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The Grey Brocket

The grey brocket deer is a medium-sized cervid native to the Americas, with a wide distribution ranging from southern Mexico to northern Argentina and Uruguay. Unfortunately, its habitat is nowadays somewhat reduced due to hunting pressure and the destruction of the ecosystems it inhabits.

It was declared a Natural Monument in Entre Ríos in 2018, through resolution 679/18 of the Directorate of Mining, Environment and Natural Resources, under the Secretariat of Production, thus adding to the list of species already declared with maximum protection in Entre Ríos.

The Project

In 2007, after the purchase of the field, the professional teams hired (biologists, naturalists, scientists) began the survey tasks to define the natural values of El Potrero, which would lead to the creation of the Natural Reserve.

The absence of the Grey Corzuela in the entire extension of this territory (30,000 hectares) and the lack of records (in patrols or monitoring) for at least 10 years, were indicative of the situation of this species in the region.

This is how the Grey Brocket Repopulation Project was born in the El Potrero Reserve. A commitment to generate the necessary bridges that would allow this deer to return to our mountains after years of absence.

How do we work?

The program is developed in several stages: individuals that arrive recovered from illegal possession or by voluntary surrender undergo their quarantine and adaptation stage in a first refuge pen. Once they have passed this first stage, they move to the pre-harvest pen (13 ha) where they are monitored to evaluate their progress in an environment that maintains the wild conditions of their natural habitat.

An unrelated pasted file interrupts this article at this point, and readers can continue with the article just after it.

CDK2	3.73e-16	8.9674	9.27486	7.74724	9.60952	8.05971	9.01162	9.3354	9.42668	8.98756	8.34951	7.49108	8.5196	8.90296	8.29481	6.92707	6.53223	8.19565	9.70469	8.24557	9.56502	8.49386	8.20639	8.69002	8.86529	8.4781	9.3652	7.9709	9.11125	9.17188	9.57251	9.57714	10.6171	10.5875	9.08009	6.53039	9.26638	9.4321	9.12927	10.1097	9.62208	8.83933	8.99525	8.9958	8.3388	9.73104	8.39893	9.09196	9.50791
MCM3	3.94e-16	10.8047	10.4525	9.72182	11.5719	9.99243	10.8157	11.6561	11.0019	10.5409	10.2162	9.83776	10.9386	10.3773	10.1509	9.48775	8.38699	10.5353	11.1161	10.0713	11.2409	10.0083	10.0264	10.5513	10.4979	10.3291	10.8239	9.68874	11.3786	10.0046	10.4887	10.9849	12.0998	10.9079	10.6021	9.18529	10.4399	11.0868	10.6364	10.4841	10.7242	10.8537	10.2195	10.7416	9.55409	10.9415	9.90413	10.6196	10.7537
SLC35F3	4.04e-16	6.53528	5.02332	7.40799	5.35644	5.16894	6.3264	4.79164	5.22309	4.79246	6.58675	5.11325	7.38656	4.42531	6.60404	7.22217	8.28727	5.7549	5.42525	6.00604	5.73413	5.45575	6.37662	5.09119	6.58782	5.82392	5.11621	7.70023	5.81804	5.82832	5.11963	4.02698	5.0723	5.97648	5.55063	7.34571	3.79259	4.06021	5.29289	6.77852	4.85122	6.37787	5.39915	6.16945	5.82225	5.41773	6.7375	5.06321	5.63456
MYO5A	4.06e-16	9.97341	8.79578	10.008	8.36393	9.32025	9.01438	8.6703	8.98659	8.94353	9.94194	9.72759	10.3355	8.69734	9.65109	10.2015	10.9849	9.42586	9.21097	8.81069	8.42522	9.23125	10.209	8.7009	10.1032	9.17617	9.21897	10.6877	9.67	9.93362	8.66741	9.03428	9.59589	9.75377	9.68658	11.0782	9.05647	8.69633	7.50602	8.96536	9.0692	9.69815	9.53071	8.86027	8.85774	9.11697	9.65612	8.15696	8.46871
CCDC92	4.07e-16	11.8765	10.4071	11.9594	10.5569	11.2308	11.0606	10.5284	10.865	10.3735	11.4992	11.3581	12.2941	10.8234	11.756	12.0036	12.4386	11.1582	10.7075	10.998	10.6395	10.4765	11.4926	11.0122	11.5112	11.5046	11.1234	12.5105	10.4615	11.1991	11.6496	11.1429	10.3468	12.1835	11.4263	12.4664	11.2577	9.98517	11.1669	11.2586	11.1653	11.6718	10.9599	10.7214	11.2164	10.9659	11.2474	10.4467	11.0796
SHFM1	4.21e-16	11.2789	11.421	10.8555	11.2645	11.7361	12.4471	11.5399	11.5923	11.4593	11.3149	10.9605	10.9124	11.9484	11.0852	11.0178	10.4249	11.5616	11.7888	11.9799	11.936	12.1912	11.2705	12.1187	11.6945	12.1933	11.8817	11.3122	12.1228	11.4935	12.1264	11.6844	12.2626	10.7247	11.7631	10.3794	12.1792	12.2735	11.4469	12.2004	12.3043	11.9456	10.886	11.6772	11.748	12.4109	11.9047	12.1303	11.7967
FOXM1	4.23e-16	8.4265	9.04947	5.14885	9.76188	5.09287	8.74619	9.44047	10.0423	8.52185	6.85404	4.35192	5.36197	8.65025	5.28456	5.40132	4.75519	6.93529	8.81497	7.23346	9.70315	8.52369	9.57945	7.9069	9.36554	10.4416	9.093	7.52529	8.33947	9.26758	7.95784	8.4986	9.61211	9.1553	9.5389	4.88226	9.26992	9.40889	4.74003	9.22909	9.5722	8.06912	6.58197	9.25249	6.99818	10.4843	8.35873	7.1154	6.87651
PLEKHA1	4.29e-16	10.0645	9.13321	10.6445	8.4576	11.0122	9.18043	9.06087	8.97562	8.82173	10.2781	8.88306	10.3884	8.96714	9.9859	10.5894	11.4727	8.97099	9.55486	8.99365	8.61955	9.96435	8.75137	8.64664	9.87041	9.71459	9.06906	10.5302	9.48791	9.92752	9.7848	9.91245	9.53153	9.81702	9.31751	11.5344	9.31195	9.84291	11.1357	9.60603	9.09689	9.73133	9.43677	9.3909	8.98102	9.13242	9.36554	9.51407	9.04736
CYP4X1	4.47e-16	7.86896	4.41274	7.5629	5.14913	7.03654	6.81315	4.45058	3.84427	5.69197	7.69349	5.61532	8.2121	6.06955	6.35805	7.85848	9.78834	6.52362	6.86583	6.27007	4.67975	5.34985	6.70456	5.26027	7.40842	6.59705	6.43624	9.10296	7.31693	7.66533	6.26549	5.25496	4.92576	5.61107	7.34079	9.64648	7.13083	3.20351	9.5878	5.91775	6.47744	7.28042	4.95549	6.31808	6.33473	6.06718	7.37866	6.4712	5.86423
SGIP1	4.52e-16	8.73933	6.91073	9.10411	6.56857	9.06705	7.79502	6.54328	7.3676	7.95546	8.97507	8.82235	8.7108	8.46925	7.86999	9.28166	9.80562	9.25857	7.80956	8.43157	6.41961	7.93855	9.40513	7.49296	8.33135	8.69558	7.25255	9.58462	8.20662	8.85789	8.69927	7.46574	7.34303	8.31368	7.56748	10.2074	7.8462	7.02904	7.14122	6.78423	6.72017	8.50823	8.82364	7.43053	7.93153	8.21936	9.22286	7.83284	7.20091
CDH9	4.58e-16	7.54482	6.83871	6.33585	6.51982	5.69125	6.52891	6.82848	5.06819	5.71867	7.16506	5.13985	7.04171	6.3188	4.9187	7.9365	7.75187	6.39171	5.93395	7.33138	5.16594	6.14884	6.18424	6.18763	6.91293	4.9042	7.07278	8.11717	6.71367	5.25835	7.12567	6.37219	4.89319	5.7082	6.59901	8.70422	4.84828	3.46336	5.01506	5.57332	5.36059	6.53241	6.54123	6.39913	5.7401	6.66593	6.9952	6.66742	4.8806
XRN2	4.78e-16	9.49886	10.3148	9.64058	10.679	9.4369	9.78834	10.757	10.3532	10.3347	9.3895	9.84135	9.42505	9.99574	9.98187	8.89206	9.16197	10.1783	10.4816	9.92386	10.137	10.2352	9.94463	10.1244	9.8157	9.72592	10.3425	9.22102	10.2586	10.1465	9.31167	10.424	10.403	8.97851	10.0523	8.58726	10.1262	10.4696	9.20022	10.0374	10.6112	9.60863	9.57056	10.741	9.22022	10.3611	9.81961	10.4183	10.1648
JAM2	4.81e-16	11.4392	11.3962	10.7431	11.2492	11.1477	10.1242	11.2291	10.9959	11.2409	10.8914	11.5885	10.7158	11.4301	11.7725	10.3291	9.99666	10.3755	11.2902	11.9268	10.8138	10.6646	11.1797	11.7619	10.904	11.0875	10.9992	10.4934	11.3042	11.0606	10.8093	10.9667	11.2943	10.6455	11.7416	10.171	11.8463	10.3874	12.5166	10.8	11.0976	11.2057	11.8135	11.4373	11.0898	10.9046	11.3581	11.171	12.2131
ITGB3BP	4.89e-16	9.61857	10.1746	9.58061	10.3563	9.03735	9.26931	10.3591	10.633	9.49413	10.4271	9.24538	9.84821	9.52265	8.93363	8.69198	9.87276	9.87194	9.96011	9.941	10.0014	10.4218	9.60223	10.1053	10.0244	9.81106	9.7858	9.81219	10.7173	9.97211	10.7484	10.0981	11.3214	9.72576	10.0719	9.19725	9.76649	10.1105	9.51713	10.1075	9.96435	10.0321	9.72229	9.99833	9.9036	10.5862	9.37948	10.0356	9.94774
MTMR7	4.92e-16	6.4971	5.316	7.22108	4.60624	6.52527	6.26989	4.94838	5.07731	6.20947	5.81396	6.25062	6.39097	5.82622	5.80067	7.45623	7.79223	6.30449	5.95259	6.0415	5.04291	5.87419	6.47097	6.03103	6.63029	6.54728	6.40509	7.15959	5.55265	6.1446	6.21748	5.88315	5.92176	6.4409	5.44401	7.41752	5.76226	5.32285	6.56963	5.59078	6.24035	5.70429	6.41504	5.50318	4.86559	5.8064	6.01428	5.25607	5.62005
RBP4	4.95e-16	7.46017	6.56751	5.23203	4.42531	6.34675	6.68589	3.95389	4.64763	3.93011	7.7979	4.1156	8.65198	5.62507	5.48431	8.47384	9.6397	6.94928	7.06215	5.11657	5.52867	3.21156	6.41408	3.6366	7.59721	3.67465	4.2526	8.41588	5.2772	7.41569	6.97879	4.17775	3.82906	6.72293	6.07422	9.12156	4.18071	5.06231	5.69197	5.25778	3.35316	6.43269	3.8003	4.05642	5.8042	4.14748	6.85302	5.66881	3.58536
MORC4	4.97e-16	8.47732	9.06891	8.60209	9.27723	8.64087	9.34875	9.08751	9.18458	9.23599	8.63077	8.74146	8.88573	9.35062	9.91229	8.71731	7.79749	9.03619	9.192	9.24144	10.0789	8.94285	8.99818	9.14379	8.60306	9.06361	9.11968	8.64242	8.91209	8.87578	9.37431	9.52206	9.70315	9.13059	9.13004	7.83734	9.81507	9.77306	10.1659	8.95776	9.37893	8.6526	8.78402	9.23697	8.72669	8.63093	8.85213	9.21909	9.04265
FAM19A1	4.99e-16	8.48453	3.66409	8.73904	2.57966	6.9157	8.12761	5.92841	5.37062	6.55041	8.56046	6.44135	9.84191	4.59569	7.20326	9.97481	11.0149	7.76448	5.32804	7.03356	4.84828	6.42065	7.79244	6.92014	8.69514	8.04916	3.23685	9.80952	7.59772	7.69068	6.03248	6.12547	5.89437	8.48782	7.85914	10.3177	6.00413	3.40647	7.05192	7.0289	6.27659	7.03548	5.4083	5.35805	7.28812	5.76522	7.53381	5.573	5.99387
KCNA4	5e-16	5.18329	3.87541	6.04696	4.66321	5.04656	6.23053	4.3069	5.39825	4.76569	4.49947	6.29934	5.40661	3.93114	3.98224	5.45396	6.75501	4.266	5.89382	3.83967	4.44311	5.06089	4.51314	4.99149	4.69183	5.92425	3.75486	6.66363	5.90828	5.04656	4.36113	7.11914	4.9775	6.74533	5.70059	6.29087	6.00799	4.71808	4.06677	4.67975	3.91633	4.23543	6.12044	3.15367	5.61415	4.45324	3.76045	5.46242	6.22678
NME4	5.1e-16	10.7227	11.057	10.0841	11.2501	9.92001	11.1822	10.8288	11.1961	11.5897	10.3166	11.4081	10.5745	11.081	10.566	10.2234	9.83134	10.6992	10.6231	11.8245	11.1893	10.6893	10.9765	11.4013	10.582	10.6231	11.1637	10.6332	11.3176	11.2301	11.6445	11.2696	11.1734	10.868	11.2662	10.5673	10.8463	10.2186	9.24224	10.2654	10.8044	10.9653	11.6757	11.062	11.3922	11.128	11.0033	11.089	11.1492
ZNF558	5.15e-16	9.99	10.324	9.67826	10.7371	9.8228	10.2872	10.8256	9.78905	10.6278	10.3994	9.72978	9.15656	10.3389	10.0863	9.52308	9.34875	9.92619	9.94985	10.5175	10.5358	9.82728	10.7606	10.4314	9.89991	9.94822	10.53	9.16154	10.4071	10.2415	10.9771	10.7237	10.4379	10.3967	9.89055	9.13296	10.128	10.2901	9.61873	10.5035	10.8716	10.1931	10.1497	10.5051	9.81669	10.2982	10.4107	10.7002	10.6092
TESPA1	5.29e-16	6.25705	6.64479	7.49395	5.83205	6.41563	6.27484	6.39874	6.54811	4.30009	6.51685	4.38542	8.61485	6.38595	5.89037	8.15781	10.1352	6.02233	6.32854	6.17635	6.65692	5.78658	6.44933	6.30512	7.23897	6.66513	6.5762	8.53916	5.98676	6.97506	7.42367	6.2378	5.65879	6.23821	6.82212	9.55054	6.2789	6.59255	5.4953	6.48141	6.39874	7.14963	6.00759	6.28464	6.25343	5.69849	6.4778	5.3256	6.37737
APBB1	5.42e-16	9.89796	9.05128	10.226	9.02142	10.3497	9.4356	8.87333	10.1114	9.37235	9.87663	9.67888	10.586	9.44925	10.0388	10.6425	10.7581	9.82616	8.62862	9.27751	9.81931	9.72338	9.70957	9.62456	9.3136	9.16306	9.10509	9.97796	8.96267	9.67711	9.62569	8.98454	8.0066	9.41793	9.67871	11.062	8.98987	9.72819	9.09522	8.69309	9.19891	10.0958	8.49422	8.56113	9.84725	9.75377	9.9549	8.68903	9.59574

They come from illegal possession confiscations, ransom or voluntary surrender by neighbors.



In a quarantine enclosure, they receive veterinary care and controls, to begin their readaptation to life in the wild.



There are already 7 deers born in the Reserve, from the encounter of some of the specimens that are part of the Project.



Individuals that manage to adapt are released into the pre-release yard and continue to be monitored with camera traps and radio-transmitter collars.

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